Osteoporosis: A Deeper Look
Osteoporosis and the increased risk of fractures affects a large portion of the population over the age of 50. Osteoporosis is more common in women, but occurs in men, too. The risk of breaking a bone increases as we get older because bones tend to become less dense as we age. Calcium from the diet or from supplements is only one of many factors that play an important role in keeping bones strong and preventing fractures.
Current medical research tells us that 1,500 mg of dietary calcium is helpful in treating osteoporosis and preventing fractures. However, some cultures have a calcium intake that is about one tenth that recommendation and have a lower risk of osteoporosis than we do. How can that be?
Are You Getting the Calcium You Eat?
The metabolism of calcium is complex. On average, only about 30% of the calcium that you consume gets into your body. So an average person that is consuming 1,500 mg of dietary or supplemental calcium is really only getting 500 mg that can be used to strengthen the bones.
Maximizing what your body does with the calcium that you eat is very important. Vitamin D dramatically improves intestinal calcium absorption. Did you know that vitamin D deficiency is epidemic in the northeast and is more likely as we age? Correcting low vitamin D levels not only improves calcium absorption and bone health, but it often helps improve muscle aches and strength in the elderly. A simple blood test can determine if you are vitamin D deficient – ask your doctor. In lieu of doing a blood test, a daily intake of 1,000 IU of vitamin D3 is generally recognized as safe.
The absorbability of calcium also depends upon the type of calcium that you eat. Calcium carbonate which is found in most calcium supplements and in antacids is cheap but poorly absorbed even under the best conditions. Calcium that naturally occurs in spinach is very poorly absorbed. The most absorbable form of calcium is calcium citrate-malate (with citric and malic acid) – it is up to 50% more absorbable than calcium carbonate. Orange juice fortified with calcium citrate-malate is an excellent food-based source of calcium.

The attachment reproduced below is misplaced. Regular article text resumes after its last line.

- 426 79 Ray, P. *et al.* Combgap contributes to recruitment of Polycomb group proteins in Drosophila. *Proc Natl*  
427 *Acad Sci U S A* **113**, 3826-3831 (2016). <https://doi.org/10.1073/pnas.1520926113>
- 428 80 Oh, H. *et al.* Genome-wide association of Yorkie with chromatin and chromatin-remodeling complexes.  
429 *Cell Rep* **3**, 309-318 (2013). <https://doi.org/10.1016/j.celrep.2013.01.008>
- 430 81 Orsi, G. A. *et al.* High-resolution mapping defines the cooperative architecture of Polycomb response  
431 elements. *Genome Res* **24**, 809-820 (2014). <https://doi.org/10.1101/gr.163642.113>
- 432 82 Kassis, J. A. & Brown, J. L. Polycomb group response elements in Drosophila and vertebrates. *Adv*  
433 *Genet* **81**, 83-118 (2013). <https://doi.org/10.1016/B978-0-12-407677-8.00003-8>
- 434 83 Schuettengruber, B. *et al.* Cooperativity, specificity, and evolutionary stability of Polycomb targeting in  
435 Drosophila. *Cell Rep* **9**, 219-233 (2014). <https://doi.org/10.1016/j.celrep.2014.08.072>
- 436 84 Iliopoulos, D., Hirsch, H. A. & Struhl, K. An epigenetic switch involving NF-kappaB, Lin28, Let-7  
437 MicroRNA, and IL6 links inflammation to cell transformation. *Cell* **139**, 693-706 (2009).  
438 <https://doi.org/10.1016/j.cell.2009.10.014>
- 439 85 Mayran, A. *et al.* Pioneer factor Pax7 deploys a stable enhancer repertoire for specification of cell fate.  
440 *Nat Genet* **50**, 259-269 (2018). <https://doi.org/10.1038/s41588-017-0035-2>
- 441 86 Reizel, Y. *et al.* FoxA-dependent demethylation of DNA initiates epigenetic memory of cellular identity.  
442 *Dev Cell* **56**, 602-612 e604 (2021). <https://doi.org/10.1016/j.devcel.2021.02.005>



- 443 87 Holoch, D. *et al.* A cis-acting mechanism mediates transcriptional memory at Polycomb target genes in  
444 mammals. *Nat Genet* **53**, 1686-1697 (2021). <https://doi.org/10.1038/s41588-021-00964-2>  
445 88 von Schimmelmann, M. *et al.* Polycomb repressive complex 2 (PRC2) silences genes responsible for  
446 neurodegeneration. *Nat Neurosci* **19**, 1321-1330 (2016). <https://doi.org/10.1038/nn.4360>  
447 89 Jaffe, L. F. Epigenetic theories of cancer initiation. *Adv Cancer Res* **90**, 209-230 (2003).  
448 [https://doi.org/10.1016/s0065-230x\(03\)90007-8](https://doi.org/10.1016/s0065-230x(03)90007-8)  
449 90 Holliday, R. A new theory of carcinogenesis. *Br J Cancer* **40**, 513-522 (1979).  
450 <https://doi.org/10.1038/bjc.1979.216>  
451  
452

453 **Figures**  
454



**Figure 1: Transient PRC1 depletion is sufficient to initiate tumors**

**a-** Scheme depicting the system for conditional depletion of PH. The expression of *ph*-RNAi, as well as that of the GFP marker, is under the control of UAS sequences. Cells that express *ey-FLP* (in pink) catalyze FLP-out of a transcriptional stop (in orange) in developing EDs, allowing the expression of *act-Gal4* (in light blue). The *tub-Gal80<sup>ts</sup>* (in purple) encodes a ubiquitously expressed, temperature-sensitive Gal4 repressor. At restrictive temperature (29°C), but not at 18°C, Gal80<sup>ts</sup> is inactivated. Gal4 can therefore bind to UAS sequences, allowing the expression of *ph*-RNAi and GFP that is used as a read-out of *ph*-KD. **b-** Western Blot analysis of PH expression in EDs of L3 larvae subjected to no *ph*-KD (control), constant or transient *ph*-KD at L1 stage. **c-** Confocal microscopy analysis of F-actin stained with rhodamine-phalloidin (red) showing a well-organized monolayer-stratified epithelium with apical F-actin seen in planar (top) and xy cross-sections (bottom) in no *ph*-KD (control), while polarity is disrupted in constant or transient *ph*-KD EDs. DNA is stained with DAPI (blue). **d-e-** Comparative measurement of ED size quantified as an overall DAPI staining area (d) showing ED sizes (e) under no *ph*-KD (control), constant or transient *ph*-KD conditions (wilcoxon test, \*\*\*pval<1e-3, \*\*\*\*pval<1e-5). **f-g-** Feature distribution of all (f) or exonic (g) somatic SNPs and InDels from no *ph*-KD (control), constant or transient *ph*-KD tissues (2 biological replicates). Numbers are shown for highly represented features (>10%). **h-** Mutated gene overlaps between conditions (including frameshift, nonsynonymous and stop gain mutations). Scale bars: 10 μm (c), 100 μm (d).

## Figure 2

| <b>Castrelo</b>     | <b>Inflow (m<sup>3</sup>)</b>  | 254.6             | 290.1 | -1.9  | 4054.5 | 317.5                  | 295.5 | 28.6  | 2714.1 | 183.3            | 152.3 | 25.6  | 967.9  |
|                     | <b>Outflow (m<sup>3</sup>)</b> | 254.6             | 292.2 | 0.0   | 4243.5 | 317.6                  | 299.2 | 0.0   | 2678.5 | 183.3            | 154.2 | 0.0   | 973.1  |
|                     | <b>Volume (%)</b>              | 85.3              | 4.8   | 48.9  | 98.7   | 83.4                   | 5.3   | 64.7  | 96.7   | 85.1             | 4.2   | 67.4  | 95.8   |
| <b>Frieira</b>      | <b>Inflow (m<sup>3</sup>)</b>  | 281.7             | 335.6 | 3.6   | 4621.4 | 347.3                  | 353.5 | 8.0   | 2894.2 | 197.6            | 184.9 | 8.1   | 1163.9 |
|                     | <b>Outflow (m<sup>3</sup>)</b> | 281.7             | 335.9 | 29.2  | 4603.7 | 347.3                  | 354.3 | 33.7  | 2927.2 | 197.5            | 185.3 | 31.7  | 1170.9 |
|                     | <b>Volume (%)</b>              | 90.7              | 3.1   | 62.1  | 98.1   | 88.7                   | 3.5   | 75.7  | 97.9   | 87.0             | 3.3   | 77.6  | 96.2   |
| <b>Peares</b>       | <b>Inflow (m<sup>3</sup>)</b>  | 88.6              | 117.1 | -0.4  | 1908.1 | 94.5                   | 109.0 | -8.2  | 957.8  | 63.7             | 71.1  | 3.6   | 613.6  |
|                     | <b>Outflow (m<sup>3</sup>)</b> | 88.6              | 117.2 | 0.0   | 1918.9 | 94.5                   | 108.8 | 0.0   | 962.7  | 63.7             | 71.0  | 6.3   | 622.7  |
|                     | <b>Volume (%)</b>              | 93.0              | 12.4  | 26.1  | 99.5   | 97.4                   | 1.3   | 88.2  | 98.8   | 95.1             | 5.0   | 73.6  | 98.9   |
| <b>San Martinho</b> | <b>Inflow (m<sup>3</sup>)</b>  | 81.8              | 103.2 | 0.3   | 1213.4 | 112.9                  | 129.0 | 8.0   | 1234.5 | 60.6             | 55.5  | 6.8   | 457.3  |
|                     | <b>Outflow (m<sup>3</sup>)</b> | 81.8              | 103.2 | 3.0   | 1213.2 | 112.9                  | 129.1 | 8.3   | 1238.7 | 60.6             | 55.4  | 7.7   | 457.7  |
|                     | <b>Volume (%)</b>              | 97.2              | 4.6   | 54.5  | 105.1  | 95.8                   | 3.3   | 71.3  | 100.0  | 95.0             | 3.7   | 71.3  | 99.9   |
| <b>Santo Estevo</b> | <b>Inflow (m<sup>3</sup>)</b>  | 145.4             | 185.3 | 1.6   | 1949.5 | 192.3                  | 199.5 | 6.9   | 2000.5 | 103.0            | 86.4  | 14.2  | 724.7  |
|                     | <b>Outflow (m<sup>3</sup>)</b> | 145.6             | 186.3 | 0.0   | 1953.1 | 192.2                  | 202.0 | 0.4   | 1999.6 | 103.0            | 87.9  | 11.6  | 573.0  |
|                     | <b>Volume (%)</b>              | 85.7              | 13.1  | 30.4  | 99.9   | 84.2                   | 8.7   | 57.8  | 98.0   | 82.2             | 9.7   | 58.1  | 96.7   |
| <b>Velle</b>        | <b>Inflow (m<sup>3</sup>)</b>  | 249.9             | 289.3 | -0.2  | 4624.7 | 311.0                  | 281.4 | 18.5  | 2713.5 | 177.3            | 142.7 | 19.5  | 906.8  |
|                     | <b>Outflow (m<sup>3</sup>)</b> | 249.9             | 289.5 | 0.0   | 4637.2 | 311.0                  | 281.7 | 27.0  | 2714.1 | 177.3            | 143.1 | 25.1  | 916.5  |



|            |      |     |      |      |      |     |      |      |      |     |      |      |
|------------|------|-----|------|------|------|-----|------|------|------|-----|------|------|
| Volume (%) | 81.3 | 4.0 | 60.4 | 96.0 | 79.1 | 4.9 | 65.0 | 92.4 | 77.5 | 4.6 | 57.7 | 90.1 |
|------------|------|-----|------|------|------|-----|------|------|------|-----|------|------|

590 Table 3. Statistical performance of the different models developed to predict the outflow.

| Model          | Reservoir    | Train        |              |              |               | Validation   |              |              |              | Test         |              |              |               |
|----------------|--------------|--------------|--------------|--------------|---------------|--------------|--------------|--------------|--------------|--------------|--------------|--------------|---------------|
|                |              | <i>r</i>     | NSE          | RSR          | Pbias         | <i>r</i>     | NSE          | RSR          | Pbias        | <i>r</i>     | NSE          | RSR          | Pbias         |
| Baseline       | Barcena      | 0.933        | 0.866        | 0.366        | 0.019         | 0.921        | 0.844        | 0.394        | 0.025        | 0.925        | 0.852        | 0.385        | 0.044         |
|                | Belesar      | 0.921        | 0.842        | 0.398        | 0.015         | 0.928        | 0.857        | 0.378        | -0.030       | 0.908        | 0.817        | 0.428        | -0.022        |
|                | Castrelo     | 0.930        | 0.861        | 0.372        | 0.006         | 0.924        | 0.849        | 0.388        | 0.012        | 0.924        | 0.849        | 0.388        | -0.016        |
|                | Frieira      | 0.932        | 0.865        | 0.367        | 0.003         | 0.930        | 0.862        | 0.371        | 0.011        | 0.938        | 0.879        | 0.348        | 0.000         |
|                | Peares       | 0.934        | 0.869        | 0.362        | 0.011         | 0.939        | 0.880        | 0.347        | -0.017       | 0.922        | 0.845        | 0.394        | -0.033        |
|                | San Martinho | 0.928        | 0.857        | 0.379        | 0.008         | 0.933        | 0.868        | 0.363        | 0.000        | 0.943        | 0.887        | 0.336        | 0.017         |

Through advertising, we are told how milk is good for healthy bones. The calcium in milk is well absorbed, but not as well absorbed as the fortified calcium in orange juice or the calcium that is naturally found in kale. Other vegetables with high levels of well absorbed calcium include: broccoli, kale, kohlrabi, mustard greens, rutabaga, turnip greens, and watercress. Tofu set in calcium is also an excellent source. Ten ounces of these foods are approximately equal to one eight ounce glass of milk in absorbable calcium content.
Are You Loosing the Calcium that You Eat?
Milk and other sources of animal protein like meats and other dairy products acidify the body. When your body is more acidic you lose more calcium in your urine; the consumption of animal protein increases your calcium requirement. High protein diets may contribute to osteoporosis and explain why some cultures have a very low incidence of osteoporosis while consuming very little calcium.
Other dietary and lifestyle factors encourage urinary calcium loss, including: smoking, excessive alcohol consumption, caffeine, and sugar. Reducing your intake of these substances will help to improve your calcium status.
Besides Calcium & Vitamin D…
Bones are like muscles – the more you use them the stronger they get. Weight bearing exercise like running and aerobics or weight training encourage strong bones – they are helpful for treating or preventing osteoporosis. Even in people with severe osteoporosis, most fractures occur because of a fall. Exercise reduces the risk of falling by improving coordination, strength, agility, and balance.
Vitamin K is found in abundance in the same vegetables that are good sources of calcium. The enzymes in your bones that are responsible for taking calcium and putting it into your bone matrix depend on vitamin k; without it, they cannot do their job! Several studies show aggressive daily dosages of vitamin K being effective for halting or reversing osteoporosis. Vitamin K can prevent some forms of blood thinning medication from working – a very bad thing. Aggressive vitamin K therapy should be done with the guidance of a knowledgeable physician.
Strontium – a mineral similar to calcium – is used in a prescription form in Europe to effectively reduce the risk of osteoporosis and to prevent losses in bone mineral density. The prescription form is not available in the United States, but, based on the research I have done, there is no reason to expect the prescription form to work better or be safer than the forms available in supplements. Strontium should still be used with the guidance of a knowledgeable physician.
Responsible & Effective Osteoporosis Prevention:
The development of osteoporosis occurs over decades and involves many factors. The treatment and prevention of osteoporosis, from a natural perspective, are very similar:
- Participate in physical activities that encourages strong bones;
- Consume absorbable forms of calcium that do not encourage calcium loss;
- Eat adequate, but not excessive amounts of animal proteins;
- Make sure to get adequate daily vitamin D (about 1,000 IU);
- Eat plenty of vegetables that are rich in vitamin K;
- Don’t smoke
- Consume small amounts or no alcohol, caffeine, and sugar.
Anyone can do their best to prevent fragile bones following the guidelines provided here. However, osteoporosis and its precursor, osteopenia, are important medical conditions and should be addressed and monitored with the assistance of a doctor.